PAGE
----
Spotify has hit back at Apple’s response to the competition law complaint it has filed against its rival in Europe. It said that the tech giant’s counter-arguments are pretty much what is expected and that “every monopolist will suggest they have done nothing wrong”.
After Spotify filed its long-expected complaint with the European Commission last week – a filing accompanied by a blog post from founder Daniel Ek and a whole micro-site setting out the company’s arguments – Apple quickly published a reaction statement.
Disputing most of it’s rival’s allegations – including the key claim that Apple exploits its operating system and App Store to give Apple Music an unfair advantage – the tech giant said that Spotify simply wanted to make use of its platform and technologies without paying for the privilege.
It then connected its dispute with Spotify with its competitor’s concurrent run-in with the songwriters and music publishers of America, ie the one over the Copyright Royalty Board’s decision to increase the royalties streaming firms must pay for the song rights they exploit.
Apple is one of the few digital music companies not appealing that rate increase. This stance by Apple allowed it to include a sneaky extra dig in its response to the competition law complaint, to the effect that Spotify is keen to short change all of its key business partners.
The Apple statement last week concluded: “Spotify wouldn’t be the business they are today without the App Store ecosystem. But now they’re leveraging their scale to avoid contributing to maintaining that ecosystem for the next generation of app entrepreneurs. We think that’s wrong”.
Responding, Spotify said on Friday: “Every monopolist will suggest they have done nothing wrong and will argue that they have the best interests of competitors and consumers at heart. In that way, Apple’s response to our complaint before the European Commission is not new and is entirely in line with our expectations”.
Standing its ground, Spotify went on: “We filed our complaint because Apple’s actions hurt competition and consumers, and are in clear violation of the law. This is evident in Apple’s belief that Spotify’s users on iOS are Apple customers and not Spotify customers, which goes to the very heart of the issue with Apple. We respect the process the European Commission must now undertake to conduct its review”.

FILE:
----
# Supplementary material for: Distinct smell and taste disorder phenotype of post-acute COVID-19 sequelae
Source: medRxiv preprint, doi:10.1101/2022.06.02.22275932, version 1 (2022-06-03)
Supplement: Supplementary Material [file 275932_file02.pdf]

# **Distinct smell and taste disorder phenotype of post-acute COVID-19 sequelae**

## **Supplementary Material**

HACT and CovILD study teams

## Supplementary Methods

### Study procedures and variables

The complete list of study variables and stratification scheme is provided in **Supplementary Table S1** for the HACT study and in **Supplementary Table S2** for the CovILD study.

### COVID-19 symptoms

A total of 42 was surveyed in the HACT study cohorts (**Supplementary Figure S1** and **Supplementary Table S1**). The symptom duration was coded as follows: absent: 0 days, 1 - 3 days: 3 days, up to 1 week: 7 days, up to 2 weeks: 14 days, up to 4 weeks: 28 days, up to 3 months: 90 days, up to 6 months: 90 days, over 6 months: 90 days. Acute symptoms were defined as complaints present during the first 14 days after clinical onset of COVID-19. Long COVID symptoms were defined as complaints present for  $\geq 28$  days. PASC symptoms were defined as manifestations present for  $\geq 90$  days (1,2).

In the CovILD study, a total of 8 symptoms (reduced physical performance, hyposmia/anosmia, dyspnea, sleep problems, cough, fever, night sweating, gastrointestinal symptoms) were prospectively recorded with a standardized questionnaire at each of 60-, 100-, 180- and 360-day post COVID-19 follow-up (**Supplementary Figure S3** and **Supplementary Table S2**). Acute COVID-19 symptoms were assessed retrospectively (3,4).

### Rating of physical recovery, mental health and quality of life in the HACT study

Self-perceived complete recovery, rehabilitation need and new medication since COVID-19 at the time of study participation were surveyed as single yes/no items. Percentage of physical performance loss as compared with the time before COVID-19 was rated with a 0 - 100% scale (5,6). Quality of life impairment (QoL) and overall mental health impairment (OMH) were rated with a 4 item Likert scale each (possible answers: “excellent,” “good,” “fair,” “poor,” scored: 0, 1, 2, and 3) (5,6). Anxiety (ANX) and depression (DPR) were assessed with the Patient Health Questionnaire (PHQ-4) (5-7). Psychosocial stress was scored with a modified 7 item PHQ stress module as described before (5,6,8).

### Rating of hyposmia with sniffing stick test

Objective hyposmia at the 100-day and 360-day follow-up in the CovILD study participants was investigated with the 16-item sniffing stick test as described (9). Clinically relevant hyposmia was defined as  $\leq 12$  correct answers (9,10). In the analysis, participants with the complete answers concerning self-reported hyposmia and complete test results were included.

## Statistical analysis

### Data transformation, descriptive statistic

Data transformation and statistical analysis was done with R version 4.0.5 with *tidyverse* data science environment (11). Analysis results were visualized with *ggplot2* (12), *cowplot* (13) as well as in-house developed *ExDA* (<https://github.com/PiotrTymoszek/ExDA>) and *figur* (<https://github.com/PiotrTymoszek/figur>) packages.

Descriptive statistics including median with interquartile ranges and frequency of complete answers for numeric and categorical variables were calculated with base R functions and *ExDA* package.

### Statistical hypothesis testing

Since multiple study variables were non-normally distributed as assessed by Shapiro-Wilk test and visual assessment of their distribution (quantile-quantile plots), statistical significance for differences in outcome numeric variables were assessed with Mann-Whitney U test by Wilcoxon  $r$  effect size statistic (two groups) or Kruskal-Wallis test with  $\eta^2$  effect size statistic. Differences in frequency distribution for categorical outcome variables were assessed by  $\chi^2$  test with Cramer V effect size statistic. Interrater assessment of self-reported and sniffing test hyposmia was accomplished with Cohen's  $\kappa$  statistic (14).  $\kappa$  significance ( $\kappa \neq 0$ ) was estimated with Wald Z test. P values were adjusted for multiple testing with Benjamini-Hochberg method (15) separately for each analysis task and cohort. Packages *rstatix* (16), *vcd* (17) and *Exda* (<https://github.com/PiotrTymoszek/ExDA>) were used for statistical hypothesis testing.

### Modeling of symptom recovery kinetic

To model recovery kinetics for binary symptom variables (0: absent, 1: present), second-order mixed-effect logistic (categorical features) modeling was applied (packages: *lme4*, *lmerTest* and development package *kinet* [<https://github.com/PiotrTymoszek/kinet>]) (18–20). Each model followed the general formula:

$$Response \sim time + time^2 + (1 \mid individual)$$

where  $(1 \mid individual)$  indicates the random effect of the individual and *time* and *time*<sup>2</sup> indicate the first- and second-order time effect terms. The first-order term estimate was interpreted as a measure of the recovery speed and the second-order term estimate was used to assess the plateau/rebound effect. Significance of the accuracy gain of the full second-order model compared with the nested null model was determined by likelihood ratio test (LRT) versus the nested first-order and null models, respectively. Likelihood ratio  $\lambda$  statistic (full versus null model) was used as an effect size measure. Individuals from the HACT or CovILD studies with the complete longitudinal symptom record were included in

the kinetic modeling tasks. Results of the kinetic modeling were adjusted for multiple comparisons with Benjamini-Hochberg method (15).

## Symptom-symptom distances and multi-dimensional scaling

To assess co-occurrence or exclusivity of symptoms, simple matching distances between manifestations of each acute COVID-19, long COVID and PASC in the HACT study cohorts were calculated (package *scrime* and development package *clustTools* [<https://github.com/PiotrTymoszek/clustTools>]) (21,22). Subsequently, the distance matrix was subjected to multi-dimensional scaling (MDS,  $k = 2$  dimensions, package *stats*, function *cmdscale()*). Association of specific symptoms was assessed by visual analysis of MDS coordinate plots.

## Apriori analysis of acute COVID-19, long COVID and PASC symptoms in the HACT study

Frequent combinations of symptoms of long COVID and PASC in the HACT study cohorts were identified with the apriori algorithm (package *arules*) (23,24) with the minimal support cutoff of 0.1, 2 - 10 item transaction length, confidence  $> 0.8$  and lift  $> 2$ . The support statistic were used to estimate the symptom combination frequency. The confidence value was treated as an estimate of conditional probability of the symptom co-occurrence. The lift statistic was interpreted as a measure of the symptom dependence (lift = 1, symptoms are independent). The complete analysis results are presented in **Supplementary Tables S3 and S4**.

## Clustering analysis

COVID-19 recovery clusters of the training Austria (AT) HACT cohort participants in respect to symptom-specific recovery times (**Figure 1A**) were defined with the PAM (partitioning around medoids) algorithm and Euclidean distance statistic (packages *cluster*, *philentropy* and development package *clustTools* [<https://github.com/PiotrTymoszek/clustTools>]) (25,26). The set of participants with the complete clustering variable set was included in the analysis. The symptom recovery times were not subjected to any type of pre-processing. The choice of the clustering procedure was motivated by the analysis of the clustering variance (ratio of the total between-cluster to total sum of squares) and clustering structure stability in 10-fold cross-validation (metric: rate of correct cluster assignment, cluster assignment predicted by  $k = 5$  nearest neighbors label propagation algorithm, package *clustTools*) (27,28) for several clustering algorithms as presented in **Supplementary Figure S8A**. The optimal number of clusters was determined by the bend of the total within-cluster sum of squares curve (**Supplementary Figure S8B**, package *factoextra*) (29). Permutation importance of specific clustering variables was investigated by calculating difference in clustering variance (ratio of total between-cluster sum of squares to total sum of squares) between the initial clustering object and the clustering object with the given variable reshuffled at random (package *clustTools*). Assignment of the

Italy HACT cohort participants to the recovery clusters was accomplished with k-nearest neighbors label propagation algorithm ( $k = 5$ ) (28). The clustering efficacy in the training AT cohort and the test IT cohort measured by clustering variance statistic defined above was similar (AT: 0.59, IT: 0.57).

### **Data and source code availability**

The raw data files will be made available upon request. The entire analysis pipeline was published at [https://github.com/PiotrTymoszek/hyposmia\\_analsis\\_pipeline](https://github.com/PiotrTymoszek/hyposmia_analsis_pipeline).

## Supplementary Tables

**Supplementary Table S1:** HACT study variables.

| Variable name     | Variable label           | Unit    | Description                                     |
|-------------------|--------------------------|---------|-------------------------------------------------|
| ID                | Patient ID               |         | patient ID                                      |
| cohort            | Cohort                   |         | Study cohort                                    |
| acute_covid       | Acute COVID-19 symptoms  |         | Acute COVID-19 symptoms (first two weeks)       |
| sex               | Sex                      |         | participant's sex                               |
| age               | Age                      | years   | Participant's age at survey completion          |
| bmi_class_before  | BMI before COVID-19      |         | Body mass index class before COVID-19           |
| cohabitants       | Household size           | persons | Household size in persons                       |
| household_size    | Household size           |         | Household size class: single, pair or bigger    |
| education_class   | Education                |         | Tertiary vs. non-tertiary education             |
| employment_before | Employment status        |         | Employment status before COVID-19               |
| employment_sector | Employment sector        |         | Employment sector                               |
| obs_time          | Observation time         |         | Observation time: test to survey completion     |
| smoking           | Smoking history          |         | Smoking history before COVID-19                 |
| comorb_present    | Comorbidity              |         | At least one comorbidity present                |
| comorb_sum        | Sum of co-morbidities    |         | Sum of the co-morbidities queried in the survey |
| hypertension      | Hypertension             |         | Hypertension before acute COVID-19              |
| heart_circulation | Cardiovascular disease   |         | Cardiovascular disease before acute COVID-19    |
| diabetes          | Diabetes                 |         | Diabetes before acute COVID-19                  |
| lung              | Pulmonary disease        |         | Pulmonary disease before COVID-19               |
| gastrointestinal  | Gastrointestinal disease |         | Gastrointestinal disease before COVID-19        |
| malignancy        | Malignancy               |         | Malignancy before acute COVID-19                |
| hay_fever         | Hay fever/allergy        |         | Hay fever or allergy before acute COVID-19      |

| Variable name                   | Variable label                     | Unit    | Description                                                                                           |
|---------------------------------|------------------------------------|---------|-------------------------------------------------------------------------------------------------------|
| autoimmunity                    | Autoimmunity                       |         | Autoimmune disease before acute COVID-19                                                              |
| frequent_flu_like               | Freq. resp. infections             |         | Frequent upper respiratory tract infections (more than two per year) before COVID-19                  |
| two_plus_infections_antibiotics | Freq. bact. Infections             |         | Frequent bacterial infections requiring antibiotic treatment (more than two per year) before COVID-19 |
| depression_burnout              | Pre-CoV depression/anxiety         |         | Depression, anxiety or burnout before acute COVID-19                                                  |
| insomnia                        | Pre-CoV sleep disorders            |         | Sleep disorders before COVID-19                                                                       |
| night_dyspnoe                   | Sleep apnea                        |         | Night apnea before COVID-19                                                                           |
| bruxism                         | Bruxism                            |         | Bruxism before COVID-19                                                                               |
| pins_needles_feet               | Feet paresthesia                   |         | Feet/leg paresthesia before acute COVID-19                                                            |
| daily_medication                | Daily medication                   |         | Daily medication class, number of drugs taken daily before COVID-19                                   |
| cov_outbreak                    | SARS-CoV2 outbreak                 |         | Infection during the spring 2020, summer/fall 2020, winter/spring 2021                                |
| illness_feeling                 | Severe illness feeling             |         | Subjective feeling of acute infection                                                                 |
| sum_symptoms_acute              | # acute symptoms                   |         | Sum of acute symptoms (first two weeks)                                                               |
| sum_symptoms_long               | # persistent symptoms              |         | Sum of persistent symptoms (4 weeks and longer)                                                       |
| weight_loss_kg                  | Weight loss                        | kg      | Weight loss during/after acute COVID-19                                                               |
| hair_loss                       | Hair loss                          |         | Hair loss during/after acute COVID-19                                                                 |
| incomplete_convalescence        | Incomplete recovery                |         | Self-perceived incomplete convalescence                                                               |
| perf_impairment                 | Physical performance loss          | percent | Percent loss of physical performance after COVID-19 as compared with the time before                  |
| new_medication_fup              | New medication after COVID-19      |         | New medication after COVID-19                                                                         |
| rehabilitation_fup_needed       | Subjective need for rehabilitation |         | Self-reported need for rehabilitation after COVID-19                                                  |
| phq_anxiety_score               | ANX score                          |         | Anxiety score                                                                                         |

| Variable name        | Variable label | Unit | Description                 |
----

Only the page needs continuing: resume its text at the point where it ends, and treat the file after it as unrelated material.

Spotify vs Apple, What are we missing out?
Spotify claims that the 30% tax Apple issues for subscriptions are unfair. They also want to believe it stops them from lowering down the subscription prices for their customers.
An excerpt from the blog post, points out, “Apple requires that Spotify and other digital services pay a 30% tax on purchases made through Apple’s payment system, including upgrading from our Free to our Premium service.”
Now, here’s what Spotify conveniently misses out to divulge – an important bit of information. Apple only charges 30% taxes from a developer for its first year on the Appstore, while from the second year on, it slashes down in half bringing it down to 15%.
Not only Spotify’s blog reflects inconsistency but they also point out that ride-hailing apps on Apple like Uber are given more advantage as transactions on those apps are not taxed. This is quite misleading. The point to note here is that any transaction that does not go through Apple’s payment gateway is not taxed. When it comes to Uber, the rider pays through credit/debit cards or by cash, they don’t pay through iTunes.
Spotify must come to its senses and realise that Apple has built a secure payment system and provides critical software tools for maintaining apps. They surely must have spent thousands of dollars in the maintenance of the App Store. Engineers for Apple don’t work for free and hence greedily asking for benefits is downright unfair and unreasonable.
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